An Illegal crack-back block is a block below the waist by a restricted player. According to the NCAA rules, there are two types of players: restricted and unrestricted.

An unrestricted player is any player that is on the line of scrimmage and inside the tackle box and that includes any backs or linemen.

A restricted player is defined as a player outside the tackle box, more than seven yards from the center, or a player in motion. A player in motion cannot go outside the tackle box, come back in and block below the waist.

Here is the caveat for restricted players: Any player can block below the waist as long as time as run off the clock after the ball has snapped (Rhoads said one to two seconds) and the player you are blocking is in front of you or in a 10 o’clock to 2 o’clock zone.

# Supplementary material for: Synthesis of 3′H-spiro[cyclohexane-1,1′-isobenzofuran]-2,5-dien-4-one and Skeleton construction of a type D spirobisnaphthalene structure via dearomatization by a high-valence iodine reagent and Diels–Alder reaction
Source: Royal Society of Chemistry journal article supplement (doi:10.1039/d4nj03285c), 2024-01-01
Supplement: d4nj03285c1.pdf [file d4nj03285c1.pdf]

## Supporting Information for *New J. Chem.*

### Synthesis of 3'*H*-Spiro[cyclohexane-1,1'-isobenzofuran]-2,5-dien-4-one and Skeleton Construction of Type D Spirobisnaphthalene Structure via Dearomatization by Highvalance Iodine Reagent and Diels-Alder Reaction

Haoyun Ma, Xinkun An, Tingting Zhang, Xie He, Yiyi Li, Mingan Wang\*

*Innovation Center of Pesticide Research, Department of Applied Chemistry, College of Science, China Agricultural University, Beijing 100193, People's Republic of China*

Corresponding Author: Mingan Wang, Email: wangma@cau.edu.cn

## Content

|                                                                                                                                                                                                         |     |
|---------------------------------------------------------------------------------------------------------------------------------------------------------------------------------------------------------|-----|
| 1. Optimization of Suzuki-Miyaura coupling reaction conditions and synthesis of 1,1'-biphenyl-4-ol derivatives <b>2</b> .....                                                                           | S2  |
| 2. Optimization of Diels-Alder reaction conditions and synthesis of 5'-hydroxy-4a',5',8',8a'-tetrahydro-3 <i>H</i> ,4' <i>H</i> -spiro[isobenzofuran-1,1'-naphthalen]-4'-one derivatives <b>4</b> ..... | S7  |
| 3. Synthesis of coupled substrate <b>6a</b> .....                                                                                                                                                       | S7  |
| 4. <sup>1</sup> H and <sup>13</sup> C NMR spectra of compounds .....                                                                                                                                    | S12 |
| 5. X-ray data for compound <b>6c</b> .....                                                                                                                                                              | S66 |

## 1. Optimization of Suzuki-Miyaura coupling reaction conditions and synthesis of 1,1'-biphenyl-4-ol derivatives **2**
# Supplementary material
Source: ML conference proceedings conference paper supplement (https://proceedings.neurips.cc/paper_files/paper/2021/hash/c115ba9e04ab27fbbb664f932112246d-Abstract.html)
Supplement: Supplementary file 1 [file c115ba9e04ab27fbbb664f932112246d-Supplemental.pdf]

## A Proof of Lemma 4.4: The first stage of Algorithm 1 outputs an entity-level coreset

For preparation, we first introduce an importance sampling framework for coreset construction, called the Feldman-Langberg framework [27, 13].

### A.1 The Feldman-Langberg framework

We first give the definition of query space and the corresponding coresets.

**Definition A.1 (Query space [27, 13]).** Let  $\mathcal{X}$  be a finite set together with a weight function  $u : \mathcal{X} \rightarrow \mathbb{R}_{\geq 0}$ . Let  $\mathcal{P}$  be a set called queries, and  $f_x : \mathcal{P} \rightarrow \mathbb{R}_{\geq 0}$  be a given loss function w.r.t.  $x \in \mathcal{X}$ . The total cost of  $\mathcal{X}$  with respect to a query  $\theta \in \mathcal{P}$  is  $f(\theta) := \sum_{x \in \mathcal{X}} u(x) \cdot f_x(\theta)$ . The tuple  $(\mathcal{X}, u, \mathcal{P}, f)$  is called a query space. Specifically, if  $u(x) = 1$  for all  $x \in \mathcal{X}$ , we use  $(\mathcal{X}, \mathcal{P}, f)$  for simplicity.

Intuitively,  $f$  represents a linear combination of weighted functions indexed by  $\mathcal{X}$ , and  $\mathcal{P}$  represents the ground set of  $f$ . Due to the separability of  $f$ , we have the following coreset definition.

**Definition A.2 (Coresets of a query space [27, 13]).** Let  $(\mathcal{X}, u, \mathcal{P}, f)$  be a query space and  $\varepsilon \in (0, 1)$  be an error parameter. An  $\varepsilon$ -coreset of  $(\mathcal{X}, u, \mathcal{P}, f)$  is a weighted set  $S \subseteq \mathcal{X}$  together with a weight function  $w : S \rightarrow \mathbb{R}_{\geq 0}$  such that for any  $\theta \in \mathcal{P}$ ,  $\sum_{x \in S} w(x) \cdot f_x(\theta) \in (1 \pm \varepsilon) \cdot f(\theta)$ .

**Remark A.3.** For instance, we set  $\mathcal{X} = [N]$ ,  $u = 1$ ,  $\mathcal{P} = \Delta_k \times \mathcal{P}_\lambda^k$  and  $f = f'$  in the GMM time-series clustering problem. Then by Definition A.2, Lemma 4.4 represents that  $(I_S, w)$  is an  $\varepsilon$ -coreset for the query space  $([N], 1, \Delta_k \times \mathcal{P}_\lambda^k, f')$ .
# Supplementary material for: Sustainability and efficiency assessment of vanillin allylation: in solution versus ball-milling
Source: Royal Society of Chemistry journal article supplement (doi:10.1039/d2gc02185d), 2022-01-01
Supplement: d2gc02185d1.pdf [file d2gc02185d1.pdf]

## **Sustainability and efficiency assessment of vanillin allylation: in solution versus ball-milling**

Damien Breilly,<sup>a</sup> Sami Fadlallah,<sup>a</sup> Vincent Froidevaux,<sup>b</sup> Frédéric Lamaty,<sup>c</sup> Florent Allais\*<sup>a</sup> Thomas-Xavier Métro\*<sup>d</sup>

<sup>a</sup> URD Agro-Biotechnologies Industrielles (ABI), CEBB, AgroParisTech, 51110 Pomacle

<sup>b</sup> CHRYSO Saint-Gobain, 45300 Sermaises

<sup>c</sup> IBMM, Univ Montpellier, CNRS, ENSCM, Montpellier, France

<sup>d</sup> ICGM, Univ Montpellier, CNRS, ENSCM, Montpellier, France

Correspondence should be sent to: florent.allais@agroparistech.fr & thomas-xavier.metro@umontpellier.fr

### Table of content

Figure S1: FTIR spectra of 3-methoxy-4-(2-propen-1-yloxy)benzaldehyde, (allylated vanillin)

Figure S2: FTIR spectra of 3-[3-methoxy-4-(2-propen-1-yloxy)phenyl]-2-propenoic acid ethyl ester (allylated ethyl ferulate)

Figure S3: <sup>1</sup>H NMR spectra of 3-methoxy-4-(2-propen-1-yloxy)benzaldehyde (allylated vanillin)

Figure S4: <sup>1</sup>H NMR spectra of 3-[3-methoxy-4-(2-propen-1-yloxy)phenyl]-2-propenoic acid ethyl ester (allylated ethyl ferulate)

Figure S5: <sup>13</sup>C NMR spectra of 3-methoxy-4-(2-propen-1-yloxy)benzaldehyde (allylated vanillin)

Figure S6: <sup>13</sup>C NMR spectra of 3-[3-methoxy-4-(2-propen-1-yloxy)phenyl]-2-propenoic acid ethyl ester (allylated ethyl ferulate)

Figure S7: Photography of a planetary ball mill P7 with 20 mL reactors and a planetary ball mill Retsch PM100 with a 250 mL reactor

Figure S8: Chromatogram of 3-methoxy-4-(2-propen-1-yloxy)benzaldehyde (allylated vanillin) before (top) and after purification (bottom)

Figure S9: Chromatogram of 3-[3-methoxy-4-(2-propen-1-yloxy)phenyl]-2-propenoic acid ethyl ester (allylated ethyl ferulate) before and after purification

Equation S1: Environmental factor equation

Does Georgia Tech block below the waist? Absolutely.

Is it illegal? Not in most cases.

I’ve watched many of Georgia Tech’s games and in most cases the players blocking below the waist are those on the offensive line, which the way the rule reads is not illegal.

However, two years ago in Clemson’s game against the Yellow Jackets, a wide receiver blocked down on one of Clemson’s defensive backs and that, under the new rule is illegal because it occurred right after the ball was snapped.

Unfortunately, for Clemson and the rest of the ACC, I don’t think this new rule is going to change the way Paul Johnson teaches his offense to block.